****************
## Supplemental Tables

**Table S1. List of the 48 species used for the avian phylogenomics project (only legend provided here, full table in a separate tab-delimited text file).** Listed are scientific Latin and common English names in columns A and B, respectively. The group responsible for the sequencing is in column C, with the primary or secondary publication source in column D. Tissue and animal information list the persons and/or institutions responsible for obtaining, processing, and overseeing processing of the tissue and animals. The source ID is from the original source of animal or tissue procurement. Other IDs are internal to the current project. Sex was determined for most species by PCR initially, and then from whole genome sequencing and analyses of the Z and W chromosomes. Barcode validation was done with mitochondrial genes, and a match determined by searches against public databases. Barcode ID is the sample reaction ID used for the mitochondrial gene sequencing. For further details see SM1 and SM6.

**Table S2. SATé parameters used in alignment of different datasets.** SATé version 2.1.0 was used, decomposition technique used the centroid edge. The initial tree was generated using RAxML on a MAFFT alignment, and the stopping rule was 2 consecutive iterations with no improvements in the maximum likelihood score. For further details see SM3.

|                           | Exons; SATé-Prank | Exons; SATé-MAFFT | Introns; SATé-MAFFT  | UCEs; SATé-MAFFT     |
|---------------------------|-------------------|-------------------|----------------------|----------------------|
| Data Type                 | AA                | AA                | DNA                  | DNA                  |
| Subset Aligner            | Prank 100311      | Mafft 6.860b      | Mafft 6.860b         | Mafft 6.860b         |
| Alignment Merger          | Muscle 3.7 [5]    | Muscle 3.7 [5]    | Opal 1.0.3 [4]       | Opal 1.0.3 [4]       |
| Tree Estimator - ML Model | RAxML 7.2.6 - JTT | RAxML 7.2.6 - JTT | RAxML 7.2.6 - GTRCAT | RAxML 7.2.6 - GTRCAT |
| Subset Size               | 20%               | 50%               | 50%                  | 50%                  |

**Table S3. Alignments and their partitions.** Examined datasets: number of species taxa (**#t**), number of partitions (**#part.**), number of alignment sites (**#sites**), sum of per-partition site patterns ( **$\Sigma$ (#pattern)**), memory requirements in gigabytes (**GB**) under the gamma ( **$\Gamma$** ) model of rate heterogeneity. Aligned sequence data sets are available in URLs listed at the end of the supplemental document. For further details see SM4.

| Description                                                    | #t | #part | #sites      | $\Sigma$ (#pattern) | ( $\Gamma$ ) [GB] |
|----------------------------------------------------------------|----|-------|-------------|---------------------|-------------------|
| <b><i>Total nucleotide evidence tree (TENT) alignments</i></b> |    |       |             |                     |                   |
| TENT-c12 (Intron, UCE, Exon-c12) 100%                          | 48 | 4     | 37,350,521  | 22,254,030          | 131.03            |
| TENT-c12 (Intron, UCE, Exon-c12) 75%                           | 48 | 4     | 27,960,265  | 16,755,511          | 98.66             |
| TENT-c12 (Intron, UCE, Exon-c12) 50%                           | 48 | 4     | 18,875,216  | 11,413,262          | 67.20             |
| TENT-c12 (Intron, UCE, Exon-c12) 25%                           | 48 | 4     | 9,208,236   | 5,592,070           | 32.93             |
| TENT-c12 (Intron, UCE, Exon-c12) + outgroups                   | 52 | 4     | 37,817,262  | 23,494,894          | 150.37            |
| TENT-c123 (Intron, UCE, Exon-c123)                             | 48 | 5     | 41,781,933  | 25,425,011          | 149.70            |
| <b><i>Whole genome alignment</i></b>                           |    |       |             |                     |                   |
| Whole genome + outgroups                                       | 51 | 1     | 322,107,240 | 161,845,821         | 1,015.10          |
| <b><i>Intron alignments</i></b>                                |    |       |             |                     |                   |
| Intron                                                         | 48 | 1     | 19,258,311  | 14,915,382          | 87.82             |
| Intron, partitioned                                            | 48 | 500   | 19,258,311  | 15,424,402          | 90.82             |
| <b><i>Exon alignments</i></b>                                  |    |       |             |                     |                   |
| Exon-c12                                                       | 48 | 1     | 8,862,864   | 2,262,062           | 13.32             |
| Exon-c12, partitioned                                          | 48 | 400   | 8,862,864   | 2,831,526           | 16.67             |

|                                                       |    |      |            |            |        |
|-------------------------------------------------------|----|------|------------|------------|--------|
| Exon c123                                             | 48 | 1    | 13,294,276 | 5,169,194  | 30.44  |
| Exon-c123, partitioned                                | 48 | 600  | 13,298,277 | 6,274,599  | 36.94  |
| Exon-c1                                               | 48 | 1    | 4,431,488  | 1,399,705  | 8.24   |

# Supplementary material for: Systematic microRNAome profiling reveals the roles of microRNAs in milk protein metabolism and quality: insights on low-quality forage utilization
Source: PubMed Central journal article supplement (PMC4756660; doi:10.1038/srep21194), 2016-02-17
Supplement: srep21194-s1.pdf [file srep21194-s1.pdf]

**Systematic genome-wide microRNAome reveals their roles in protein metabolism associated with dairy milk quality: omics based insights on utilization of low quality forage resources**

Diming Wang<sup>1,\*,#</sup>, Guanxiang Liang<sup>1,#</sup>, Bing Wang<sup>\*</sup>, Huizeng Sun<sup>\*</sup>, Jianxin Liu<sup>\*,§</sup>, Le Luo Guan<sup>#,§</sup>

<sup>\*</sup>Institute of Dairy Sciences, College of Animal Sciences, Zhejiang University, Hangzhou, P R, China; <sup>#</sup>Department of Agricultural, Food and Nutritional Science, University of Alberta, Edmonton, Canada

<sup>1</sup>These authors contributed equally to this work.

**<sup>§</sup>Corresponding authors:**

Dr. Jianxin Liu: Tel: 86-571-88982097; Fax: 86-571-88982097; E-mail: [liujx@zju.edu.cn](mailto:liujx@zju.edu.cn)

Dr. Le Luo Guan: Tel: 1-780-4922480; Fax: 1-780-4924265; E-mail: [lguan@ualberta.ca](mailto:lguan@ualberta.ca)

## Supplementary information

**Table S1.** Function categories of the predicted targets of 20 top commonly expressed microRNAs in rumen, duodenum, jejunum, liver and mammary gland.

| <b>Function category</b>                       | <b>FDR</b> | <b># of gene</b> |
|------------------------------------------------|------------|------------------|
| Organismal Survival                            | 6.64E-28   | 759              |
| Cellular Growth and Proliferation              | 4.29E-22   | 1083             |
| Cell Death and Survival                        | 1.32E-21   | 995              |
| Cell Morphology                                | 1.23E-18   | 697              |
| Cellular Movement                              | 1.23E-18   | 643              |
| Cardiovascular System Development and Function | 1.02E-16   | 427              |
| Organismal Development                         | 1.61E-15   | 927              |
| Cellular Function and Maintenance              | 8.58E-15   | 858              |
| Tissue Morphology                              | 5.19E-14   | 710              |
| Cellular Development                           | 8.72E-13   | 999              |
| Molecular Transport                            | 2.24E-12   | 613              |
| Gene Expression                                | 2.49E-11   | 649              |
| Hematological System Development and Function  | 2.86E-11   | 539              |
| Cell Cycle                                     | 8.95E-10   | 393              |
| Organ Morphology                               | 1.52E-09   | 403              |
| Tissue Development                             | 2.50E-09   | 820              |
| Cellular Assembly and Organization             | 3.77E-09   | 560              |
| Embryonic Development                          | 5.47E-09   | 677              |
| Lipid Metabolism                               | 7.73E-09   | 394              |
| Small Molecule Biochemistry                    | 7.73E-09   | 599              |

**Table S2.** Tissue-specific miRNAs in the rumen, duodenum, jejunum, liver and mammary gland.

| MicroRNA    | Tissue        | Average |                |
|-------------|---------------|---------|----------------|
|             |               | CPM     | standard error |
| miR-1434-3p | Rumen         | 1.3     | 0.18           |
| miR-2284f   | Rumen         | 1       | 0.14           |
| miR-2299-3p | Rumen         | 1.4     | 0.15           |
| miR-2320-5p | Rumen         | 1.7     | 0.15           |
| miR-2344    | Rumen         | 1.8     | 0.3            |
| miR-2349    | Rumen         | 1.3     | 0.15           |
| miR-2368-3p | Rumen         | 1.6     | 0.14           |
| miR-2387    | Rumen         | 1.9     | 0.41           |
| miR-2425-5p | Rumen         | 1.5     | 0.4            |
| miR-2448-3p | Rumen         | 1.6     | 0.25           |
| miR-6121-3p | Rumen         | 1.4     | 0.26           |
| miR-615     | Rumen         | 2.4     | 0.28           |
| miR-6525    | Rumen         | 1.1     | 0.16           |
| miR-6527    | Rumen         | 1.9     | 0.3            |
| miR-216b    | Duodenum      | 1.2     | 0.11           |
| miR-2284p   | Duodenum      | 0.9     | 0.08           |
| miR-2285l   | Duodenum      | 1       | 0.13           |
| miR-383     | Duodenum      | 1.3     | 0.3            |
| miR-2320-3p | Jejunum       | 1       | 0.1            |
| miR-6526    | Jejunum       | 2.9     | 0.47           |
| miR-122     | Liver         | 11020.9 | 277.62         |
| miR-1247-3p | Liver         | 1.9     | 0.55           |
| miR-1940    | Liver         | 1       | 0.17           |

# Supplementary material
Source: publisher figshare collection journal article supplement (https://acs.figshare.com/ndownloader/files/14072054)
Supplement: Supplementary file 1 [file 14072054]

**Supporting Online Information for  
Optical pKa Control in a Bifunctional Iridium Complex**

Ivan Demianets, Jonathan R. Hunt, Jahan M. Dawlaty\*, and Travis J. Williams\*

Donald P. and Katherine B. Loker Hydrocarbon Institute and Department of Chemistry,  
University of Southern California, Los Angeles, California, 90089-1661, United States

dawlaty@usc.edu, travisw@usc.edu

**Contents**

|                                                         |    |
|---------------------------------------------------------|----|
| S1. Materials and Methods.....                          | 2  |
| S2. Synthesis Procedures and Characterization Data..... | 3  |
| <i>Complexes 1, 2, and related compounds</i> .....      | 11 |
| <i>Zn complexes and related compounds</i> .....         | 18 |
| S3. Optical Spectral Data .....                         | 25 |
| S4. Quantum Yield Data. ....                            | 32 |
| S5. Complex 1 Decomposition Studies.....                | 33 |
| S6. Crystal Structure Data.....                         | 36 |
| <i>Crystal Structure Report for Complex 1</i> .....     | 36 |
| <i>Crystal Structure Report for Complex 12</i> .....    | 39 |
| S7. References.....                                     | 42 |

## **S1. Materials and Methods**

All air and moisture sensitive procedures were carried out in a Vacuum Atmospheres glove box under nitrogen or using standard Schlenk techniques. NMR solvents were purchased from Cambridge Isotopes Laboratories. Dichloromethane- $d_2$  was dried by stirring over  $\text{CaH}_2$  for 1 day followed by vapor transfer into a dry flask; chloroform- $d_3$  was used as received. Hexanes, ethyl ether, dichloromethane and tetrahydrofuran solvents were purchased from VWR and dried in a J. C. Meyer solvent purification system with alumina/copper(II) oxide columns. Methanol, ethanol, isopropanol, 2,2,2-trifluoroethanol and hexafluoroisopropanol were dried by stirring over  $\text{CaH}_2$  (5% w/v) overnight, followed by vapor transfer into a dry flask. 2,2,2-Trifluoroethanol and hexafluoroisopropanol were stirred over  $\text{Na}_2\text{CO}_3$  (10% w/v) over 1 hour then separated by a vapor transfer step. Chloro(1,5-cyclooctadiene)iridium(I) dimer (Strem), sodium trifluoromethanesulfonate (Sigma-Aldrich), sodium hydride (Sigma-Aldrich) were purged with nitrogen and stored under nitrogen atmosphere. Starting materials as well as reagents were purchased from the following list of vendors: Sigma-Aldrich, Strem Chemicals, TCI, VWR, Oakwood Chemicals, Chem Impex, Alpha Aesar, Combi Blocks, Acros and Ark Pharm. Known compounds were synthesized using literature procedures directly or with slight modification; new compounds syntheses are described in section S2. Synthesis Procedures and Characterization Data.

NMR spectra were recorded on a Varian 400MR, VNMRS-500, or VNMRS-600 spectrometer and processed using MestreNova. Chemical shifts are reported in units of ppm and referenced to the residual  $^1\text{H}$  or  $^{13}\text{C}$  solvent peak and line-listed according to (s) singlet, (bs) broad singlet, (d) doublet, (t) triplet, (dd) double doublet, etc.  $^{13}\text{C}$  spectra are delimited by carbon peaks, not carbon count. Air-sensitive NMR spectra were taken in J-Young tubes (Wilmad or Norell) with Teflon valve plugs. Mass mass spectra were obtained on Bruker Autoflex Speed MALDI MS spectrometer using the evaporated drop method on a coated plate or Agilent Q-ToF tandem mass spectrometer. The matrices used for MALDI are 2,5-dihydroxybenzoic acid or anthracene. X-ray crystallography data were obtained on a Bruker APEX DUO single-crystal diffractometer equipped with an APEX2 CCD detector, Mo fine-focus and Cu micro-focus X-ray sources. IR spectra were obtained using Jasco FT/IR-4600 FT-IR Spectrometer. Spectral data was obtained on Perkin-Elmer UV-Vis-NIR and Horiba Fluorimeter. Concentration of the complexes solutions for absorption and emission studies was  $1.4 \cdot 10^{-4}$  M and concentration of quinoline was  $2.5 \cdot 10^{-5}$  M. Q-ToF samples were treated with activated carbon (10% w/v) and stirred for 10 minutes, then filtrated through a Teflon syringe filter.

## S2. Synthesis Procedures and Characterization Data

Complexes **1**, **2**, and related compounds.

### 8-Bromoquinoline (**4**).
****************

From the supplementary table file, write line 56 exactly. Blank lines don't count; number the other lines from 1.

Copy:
| Tissue Morphology                              | 5.19E-14   | 710              |